calum, Nov 20 2019

       I must confess (this can't be a surprise) that I'm not a big fan of antitrust law in the first place, as I'm generally not a fan of government interference in markets. Though anecdotally some of today's tech leaders were helped when Microsoft was restrained, I'm hard pressed to see how exchanging one dominant browser for another did anything but slow down the evolution of a robust web UI toolkit for more than a decade.   

       Arguably the biggest innovation -- the cloud -- likely would have happened anyway, virtualization was being worked on back in the 90s -- but the cloud adoption was accelerated PRECISELY because Amazon's dominance in book selling retail and shareholder speculation allowed Amazon to invest -- under the harshest antitrust models which seek to limit a company's ability to leverage dominance in one market to lead another, it couldn't have happened -- which would actually represent harm to thousands, probably millions of startups and companies whose costs were able to be impacted by eliminating data centers.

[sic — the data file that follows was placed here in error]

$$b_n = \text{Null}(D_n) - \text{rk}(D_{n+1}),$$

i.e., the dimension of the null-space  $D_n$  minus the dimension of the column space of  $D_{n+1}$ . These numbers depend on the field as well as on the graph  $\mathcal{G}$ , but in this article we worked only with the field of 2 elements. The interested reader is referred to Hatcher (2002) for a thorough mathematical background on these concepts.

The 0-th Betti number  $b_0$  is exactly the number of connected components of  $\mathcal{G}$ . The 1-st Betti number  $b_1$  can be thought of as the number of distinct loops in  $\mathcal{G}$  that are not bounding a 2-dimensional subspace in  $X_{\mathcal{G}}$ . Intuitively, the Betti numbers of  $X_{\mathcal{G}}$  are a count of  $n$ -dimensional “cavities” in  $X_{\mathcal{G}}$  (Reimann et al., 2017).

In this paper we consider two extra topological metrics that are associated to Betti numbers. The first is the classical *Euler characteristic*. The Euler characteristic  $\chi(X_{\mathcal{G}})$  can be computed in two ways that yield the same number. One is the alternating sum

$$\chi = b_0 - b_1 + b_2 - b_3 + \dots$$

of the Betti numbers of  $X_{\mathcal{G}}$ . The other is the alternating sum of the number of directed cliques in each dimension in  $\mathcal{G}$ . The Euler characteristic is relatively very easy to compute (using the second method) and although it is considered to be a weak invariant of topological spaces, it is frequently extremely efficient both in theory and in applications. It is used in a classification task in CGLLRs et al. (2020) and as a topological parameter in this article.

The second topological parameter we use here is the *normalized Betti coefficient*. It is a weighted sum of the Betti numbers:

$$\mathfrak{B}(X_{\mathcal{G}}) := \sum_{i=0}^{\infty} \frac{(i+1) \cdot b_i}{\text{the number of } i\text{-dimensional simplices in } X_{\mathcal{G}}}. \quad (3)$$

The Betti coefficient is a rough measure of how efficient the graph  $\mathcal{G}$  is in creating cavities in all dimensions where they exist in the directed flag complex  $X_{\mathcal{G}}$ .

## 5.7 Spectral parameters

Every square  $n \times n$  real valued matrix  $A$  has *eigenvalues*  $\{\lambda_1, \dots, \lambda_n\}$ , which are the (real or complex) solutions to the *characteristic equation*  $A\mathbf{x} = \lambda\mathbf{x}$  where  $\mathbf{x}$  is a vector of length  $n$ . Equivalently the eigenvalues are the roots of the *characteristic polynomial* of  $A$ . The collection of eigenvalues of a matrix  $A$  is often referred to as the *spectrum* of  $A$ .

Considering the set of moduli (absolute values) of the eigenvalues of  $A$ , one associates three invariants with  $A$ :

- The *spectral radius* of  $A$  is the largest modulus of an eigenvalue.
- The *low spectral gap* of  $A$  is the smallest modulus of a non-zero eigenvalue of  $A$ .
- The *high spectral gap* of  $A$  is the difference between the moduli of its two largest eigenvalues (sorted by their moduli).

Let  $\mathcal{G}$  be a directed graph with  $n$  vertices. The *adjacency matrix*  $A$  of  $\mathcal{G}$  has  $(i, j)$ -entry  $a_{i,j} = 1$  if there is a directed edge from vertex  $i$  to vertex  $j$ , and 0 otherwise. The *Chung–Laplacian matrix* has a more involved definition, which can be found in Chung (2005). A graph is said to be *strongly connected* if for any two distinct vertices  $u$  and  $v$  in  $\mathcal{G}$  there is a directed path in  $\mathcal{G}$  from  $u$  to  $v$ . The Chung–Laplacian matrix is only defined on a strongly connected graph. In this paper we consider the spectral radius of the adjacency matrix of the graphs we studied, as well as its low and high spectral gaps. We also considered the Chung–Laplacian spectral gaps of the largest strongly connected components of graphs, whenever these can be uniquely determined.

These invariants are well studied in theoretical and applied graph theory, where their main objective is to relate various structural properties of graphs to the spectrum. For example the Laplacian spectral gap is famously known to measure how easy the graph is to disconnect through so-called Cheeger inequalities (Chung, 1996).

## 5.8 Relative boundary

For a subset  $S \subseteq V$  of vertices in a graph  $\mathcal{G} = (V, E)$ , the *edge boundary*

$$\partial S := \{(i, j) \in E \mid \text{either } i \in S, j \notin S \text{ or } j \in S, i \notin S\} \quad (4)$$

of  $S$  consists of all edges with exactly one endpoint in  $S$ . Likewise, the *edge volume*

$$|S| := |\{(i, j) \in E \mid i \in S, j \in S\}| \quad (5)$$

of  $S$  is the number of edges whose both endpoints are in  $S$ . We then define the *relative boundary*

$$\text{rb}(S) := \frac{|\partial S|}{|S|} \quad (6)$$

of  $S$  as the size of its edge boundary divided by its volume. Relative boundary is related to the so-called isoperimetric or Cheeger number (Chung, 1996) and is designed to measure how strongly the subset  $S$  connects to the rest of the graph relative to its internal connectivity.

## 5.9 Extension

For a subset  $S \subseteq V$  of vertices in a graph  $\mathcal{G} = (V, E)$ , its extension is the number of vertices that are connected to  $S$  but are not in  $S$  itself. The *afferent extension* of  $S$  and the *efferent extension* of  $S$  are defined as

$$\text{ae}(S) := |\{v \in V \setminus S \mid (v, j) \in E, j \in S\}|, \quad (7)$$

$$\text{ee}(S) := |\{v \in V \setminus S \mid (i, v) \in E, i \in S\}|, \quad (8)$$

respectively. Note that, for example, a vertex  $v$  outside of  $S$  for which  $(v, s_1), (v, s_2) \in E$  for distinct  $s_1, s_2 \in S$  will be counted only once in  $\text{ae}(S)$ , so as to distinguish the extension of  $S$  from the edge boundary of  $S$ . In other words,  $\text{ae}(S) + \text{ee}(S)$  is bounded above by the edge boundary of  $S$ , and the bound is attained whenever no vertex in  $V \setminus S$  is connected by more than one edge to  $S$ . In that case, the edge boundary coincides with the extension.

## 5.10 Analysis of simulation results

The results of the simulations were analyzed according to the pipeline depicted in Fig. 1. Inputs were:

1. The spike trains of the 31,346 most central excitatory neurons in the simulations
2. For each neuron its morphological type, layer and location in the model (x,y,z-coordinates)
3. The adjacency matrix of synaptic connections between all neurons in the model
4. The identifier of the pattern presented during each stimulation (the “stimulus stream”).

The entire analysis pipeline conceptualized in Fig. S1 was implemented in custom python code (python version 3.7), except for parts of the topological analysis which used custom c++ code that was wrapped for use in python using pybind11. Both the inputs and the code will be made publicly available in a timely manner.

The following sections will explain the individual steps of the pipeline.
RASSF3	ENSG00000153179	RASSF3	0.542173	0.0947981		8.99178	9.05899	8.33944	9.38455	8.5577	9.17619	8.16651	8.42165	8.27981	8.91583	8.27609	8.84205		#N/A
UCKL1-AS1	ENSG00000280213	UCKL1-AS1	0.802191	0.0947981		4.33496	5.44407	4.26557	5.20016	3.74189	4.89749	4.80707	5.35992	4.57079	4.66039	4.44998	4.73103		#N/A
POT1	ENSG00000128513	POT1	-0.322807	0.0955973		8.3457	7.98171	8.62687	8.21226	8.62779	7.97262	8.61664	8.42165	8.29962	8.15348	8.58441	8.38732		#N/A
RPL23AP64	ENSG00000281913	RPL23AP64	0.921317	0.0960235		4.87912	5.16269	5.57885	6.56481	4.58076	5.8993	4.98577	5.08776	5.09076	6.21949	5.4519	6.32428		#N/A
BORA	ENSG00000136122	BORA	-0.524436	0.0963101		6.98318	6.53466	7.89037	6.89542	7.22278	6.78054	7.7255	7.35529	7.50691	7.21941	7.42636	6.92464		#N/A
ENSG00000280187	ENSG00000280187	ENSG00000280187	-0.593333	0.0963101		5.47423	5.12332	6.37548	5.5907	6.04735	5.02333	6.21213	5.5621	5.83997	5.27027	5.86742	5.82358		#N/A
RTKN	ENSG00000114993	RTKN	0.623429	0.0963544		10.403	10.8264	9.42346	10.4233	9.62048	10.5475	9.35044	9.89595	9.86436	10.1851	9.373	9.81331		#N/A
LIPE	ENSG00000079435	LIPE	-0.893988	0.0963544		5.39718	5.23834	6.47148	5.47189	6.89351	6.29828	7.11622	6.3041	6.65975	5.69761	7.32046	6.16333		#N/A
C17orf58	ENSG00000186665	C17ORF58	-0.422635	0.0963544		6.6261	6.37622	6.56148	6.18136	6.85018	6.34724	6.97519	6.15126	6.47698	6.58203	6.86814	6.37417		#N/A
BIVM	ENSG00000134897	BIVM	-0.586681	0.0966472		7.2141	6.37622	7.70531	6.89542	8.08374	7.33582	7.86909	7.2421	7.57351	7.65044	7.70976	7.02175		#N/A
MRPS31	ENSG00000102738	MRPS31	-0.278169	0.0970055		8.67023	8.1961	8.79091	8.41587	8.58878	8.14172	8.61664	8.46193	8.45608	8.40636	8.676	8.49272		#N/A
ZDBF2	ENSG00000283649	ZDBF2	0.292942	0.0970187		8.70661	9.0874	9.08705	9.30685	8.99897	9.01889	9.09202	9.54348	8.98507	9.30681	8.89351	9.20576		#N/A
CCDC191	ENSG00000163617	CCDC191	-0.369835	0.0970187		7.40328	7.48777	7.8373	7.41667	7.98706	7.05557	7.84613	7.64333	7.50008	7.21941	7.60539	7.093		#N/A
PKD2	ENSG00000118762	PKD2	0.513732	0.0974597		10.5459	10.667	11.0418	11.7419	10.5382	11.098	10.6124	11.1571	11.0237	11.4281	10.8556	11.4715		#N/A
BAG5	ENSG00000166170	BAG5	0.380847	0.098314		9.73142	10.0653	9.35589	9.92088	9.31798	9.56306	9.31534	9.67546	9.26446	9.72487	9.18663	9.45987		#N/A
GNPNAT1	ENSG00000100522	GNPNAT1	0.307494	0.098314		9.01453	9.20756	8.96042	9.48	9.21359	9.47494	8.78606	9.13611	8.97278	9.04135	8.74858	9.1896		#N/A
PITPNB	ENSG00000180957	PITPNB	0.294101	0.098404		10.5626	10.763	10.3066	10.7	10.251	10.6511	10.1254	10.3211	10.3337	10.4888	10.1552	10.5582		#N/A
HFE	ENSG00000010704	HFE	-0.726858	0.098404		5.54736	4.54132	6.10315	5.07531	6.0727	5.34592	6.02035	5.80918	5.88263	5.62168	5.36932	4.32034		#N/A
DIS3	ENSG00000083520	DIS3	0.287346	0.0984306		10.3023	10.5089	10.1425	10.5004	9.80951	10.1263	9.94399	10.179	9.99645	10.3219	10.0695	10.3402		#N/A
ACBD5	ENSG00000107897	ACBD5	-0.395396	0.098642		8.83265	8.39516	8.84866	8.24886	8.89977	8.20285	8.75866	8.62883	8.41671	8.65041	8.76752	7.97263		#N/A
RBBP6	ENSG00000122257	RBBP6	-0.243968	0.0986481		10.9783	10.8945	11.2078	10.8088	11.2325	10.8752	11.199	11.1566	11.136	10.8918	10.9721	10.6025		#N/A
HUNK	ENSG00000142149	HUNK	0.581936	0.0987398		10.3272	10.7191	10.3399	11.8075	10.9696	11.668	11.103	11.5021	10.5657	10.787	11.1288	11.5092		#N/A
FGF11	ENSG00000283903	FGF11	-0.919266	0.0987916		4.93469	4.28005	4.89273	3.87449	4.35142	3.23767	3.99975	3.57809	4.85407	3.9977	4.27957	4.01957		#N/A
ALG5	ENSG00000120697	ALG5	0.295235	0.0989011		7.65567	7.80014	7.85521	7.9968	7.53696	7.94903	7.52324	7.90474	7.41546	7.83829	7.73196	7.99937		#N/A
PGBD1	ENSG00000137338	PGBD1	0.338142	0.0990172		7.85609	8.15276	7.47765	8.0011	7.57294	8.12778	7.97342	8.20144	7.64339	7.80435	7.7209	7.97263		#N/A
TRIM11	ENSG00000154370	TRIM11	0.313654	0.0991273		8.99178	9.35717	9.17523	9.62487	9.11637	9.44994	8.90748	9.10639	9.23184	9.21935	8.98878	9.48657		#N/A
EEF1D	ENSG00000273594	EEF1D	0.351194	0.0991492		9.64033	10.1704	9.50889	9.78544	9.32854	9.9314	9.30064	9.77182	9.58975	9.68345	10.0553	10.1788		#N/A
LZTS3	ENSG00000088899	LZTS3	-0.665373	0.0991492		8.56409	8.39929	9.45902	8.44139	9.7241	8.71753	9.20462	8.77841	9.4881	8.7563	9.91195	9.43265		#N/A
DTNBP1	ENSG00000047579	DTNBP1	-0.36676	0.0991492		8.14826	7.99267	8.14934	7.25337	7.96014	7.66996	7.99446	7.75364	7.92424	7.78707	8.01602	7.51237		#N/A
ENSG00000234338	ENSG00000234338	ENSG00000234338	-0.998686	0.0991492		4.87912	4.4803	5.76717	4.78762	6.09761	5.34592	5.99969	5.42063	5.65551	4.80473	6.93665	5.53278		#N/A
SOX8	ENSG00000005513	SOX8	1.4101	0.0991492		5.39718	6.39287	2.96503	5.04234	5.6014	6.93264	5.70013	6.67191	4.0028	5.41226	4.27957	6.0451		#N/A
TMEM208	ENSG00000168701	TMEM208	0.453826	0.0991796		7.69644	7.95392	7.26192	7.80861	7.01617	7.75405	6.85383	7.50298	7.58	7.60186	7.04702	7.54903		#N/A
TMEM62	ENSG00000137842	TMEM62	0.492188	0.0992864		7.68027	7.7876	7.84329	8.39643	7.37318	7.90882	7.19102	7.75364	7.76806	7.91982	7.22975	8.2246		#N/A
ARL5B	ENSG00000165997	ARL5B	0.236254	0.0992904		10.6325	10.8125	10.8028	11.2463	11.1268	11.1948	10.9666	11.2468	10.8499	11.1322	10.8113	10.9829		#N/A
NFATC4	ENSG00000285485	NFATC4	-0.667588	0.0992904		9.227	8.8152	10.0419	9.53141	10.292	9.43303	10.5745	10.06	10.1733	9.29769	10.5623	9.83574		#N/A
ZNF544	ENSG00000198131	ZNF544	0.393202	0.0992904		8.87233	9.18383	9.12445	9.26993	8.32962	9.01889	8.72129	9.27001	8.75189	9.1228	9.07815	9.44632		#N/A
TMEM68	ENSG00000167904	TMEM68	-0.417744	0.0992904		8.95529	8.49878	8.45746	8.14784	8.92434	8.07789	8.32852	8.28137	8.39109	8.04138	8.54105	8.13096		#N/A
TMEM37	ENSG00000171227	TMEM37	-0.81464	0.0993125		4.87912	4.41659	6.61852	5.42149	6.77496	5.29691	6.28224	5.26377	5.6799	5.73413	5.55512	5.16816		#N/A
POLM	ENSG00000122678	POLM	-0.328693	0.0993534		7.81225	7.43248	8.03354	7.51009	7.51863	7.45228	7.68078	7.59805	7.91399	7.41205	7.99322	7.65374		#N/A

Government sanctioned companies like regulated utilities are often horribly mismanaged because in fact they do not have competition. As Peter Thiel has famously observed, we have the least advances per public&investment dollar spent in the most regulated industries.   

       And as to consumer harm, I think a real point can be made that whether or not there's real harm, there's real fear, and that fear comes mostly from governments fearing their own irrelevance and impotence, as is the case with Facebook driven election propaganda or cryptocurrency efforts.   

       Regardless, existing antitrust law already has severe remedies including breakup and fines.   

       But even in the most "woke" companies in Silicon Valley, the notion that they could wake up one day and be government employees (incidentally the average compensation of a Facebook employee is 3X a US Govt. employee) -- is a dystopian fantasy.   

       The nationalization of bankrupt companies like banks and insurance companies with the government acting as a private equity holder -- did almost occur after the financial crisis, and in fact while the focus of post crisis regulation was not on minimizing profit -- thank god -- it was on heavy re- regulation, and did provide a restricted compensation regime, for instance.
theircompetitor, Nov 20 2019